Tasting Notes & Personal Branding


A very interesting article. Martin Isark charges 15000 pounds plus 2% of sales commission to share his tasting notes. And he has sued three times. The angle is very interesting. The idea of charging makes some sense. Very little sense. Tasting notes are very ephemeral and how many people would care what the notes say to charge a good deal of money? Isark is either obsessed with his own work that he refuses to let go of and share or he has serious wrong expectations. I don’t think I will see one such as this again.


Wine writer Martin Isark is currently suing Majestic Wine for using one of his tasting notes. He claims that that the company used his tasting note without his permission and on the wrong vintage. Obviously, putting the note on the wrong vintage is not accurate, and, if true, could be considered misleading the public, but I can’t help feeling that Mr Isark is shooting himself in the foot a little.

Wine writers are simply people who have an ability to put what they taste into words, and whilst they may not be the richest people in the world, I can understand them wanting to make money out of their work, and I can also understand their issues with other people and companies capitalising on what they write.

However, in an increasingly diluted media world, to use a phrase often used by another wine critic, personal branding is everything. If Mr Isark’s name is seen on a neck collar on a bottle or on a shelf end tasting note, the person buying that wine will be exposed to his name – his personal brand. If they then like that wine, they are more than likely going to follow his recommendations in the future and that could result in them visiting his website, reading his columns, buying his book and increasing his income that way.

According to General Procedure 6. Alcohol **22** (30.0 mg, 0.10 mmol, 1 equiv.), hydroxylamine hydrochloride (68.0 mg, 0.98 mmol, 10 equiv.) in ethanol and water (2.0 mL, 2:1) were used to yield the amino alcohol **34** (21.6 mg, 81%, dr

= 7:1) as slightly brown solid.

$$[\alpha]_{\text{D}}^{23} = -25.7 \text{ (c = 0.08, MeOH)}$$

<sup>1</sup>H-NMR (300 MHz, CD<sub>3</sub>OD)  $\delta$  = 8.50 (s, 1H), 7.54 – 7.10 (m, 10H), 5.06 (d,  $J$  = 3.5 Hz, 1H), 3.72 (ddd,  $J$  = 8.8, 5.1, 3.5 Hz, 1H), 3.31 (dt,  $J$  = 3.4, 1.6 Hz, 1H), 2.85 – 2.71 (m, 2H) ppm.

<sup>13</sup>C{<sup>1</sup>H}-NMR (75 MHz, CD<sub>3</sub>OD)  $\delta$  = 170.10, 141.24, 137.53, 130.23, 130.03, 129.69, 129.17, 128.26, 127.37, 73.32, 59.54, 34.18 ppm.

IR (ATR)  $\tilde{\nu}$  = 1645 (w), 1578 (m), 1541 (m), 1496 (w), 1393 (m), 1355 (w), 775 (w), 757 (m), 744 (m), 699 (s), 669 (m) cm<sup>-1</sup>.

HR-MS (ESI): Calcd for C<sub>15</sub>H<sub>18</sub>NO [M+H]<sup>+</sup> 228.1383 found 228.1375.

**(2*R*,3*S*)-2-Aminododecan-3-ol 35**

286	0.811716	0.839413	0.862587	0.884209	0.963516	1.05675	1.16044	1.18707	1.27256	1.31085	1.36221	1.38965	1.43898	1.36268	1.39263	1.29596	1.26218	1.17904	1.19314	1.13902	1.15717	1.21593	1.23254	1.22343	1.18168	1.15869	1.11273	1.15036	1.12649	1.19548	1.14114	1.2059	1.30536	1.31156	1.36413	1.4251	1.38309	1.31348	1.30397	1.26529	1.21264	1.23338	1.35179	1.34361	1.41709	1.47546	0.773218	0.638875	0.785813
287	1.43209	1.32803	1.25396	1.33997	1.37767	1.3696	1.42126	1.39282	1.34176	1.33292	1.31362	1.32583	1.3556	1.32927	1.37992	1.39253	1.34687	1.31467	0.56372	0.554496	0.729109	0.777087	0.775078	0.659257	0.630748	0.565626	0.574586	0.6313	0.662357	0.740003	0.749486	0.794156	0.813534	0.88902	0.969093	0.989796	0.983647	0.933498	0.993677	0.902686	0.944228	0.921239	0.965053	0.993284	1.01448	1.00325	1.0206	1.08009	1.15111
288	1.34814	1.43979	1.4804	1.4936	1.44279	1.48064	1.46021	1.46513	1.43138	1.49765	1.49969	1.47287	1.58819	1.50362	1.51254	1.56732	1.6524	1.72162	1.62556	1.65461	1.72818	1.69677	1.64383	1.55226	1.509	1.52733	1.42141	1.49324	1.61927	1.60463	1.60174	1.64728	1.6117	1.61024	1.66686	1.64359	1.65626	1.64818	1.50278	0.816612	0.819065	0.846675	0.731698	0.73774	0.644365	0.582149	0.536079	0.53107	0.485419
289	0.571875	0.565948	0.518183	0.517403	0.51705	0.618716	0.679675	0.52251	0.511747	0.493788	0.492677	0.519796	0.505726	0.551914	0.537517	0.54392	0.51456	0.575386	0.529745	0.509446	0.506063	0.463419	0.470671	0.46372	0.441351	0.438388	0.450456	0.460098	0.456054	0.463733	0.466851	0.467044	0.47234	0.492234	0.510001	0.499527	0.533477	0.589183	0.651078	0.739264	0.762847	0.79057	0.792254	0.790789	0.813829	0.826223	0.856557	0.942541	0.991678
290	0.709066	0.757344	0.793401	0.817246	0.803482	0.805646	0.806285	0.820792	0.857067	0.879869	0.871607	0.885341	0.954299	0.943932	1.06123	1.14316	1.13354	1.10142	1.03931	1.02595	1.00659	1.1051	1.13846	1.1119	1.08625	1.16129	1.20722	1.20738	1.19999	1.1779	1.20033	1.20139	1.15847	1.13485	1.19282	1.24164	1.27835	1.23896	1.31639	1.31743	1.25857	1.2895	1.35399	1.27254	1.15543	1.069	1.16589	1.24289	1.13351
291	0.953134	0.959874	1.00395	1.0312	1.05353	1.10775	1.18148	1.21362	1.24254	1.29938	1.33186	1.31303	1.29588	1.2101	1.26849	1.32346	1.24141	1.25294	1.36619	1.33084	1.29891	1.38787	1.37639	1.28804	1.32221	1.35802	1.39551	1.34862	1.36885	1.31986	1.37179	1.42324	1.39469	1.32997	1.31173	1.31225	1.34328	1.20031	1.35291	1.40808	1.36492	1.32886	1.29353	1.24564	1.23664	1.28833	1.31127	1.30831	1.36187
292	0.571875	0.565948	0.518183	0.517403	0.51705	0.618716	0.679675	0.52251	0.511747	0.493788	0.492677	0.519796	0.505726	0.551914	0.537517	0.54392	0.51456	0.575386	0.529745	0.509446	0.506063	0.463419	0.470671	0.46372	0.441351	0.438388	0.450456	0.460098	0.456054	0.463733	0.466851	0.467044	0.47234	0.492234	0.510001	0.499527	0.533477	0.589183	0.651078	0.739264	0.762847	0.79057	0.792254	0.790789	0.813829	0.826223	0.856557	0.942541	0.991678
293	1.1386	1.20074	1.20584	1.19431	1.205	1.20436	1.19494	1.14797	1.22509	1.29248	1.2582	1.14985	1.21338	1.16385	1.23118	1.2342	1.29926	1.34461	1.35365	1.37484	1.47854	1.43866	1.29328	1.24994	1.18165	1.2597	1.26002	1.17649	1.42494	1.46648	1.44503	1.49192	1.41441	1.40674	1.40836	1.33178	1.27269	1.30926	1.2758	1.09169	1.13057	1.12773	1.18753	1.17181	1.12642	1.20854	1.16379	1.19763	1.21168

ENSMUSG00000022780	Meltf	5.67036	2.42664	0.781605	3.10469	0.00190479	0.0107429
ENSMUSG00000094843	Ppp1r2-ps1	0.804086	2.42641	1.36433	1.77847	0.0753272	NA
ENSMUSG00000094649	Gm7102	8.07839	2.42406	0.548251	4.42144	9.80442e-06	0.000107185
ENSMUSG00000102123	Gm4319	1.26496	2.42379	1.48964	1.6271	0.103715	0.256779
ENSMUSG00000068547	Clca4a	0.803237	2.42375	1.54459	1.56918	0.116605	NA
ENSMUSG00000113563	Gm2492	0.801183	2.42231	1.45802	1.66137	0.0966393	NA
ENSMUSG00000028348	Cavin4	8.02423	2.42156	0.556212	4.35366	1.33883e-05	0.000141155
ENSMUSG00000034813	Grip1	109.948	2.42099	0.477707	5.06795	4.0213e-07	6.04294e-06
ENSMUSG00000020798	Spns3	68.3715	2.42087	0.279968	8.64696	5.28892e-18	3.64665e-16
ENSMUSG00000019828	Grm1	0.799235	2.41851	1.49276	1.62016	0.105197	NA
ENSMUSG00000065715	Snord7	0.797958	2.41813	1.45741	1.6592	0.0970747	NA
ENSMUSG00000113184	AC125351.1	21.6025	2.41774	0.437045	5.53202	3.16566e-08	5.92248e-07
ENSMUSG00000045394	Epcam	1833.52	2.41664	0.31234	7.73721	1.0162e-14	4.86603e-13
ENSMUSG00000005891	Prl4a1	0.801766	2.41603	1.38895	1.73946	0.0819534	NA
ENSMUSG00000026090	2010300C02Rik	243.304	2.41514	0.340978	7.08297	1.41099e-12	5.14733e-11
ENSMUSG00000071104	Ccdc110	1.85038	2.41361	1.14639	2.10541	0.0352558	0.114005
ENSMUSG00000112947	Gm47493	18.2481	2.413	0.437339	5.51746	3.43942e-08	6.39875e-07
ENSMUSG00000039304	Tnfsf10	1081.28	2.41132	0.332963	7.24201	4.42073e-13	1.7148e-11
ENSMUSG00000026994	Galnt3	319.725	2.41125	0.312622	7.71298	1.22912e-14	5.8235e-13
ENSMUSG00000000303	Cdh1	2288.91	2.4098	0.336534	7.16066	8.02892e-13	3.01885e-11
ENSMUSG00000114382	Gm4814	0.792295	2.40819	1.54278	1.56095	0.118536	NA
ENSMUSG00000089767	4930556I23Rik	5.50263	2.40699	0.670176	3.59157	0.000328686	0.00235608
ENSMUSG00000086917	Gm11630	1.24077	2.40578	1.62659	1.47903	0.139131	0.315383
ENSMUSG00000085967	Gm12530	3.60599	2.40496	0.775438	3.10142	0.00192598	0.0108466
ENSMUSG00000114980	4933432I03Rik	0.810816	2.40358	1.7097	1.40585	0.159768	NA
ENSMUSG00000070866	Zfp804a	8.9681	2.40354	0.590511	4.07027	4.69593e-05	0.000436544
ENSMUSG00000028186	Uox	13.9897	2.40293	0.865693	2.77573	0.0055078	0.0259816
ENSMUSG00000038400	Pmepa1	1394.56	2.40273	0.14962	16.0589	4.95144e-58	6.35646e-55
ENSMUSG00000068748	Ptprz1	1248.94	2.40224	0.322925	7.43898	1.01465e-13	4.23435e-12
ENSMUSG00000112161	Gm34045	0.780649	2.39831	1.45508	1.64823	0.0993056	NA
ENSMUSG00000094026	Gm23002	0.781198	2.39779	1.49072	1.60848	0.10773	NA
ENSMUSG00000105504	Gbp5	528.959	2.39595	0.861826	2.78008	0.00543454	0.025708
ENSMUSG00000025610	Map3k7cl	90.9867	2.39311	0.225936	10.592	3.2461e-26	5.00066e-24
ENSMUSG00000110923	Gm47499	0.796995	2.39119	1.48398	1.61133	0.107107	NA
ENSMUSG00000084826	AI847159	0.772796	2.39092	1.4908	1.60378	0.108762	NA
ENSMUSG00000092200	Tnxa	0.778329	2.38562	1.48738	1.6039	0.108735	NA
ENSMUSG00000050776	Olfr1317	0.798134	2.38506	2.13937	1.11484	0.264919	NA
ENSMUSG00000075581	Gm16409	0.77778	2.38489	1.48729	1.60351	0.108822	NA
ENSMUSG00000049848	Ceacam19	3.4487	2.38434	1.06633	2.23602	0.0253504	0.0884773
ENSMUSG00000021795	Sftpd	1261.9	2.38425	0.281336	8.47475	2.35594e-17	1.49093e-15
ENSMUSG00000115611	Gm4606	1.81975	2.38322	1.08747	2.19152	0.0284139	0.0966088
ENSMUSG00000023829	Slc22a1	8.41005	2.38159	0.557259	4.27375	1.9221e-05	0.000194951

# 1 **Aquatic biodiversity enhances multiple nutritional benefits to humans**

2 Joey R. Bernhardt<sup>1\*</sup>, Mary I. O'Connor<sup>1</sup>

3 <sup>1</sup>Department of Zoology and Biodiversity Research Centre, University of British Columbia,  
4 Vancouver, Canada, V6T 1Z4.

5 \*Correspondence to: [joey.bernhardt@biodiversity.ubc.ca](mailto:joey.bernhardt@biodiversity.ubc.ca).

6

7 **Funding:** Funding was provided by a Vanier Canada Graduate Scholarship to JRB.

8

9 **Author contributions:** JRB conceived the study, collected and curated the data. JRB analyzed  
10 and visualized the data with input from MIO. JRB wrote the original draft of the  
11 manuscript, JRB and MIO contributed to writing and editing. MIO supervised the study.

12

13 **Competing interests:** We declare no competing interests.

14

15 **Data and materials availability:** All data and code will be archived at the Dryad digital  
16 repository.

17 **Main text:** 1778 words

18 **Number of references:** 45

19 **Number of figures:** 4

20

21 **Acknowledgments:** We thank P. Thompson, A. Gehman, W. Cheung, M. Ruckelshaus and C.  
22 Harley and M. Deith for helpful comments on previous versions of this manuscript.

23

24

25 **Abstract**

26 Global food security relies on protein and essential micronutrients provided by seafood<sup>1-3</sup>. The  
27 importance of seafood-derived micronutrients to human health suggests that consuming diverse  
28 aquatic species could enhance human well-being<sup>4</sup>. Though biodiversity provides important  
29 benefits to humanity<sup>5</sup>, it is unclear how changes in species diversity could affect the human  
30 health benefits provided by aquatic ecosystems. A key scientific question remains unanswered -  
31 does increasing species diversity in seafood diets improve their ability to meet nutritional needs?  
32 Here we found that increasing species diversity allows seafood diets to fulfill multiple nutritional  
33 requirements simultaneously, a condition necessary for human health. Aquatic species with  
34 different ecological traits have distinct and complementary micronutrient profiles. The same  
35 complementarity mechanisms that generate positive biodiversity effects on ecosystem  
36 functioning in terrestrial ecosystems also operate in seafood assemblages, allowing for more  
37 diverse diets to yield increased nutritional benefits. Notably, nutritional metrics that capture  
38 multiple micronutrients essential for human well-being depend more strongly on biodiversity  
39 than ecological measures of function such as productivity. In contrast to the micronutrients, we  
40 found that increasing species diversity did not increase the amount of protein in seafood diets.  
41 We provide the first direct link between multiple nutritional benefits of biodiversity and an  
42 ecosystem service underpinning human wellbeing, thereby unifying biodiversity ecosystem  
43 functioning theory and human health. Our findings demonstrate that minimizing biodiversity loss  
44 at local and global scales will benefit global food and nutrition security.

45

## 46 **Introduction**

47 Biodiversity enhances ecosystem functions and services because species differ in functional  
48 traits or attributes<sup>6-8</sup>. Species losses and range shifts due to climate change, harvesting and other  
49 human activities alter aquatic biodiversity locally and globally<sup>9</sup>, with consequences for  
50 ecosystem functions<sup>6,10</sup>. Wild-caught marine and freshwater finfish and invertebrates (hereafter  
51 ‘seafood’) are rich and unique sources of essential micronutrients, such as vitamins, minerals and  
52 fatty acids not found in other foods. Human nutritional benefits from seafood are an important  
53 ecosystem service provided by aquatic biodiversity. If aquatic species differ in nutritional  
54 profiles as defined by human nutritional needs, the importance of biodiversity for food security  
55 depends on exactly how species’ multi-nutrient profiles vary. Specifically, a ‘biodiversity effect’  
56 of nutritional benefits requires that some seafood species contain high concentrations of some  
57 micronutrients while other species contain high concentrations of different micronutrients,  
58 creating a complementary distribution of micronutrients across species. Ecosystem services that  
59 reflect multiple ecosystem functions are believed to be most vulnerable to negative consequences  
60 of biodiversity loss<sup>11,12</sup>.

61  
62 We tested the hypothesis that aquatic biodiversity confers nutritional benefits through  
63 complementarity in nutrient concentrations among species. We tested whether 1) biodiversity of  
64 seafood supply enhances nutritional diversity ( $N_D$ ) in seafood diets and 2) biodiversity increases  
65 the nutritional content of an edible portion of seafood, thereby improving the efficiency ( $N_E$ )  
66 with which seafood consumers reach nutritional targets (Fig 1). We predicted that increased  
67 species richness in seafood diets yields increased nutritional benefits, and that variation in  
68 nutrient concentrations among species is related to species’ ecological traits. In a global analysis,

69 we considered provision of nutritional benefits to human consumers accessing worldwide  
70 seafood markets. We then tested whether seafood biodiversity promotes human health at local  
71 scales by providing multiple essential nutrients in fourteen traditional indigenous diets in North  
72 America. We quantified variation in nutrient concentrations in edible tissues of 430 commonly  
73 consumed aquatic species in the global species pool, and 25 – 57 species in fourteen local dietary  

I know a wine critic who writes for a national newspaper and her views, expressed in the paper she writes for, will influence sales in my shop. If she writes about a wine and loves it, I know that at least half a dozen people will be in my shop within two hours of opening to buy that wine. These people hang on every word this wine writer says, and it is these people who, indirectly, pay her salary by purchasing newspapers and attending events she runs.

I looked at Mr Isark’s website, and he, almost proudly, mentions the three times he has sued companies for using his website and that he charges £15,000 plus 2% of sales for use of his tasting notes. I don’t know if this is the going rate for wine writers, but I couldn’t find anything on any of the leading British wine critics websites warning retailers off using their notes. Only The Wine Gang mentioned a fee, which was £200 for a year’s membership of their website and for that you could reproduce the notes of five of the UK’s leading wine critics. Significantly less than Mr Isark’s fifteen grand!

Using critics tasting notes is of mutual benefit to the writer and the retailer, with one getting cash for selling a bottle of wine, and the other brand awareness, and it is this last part that is too often forgotten.

It should be mentioned that any retailers reading this can use any of my tasting notes for free, all I ask is that you credit The Tasting Note.


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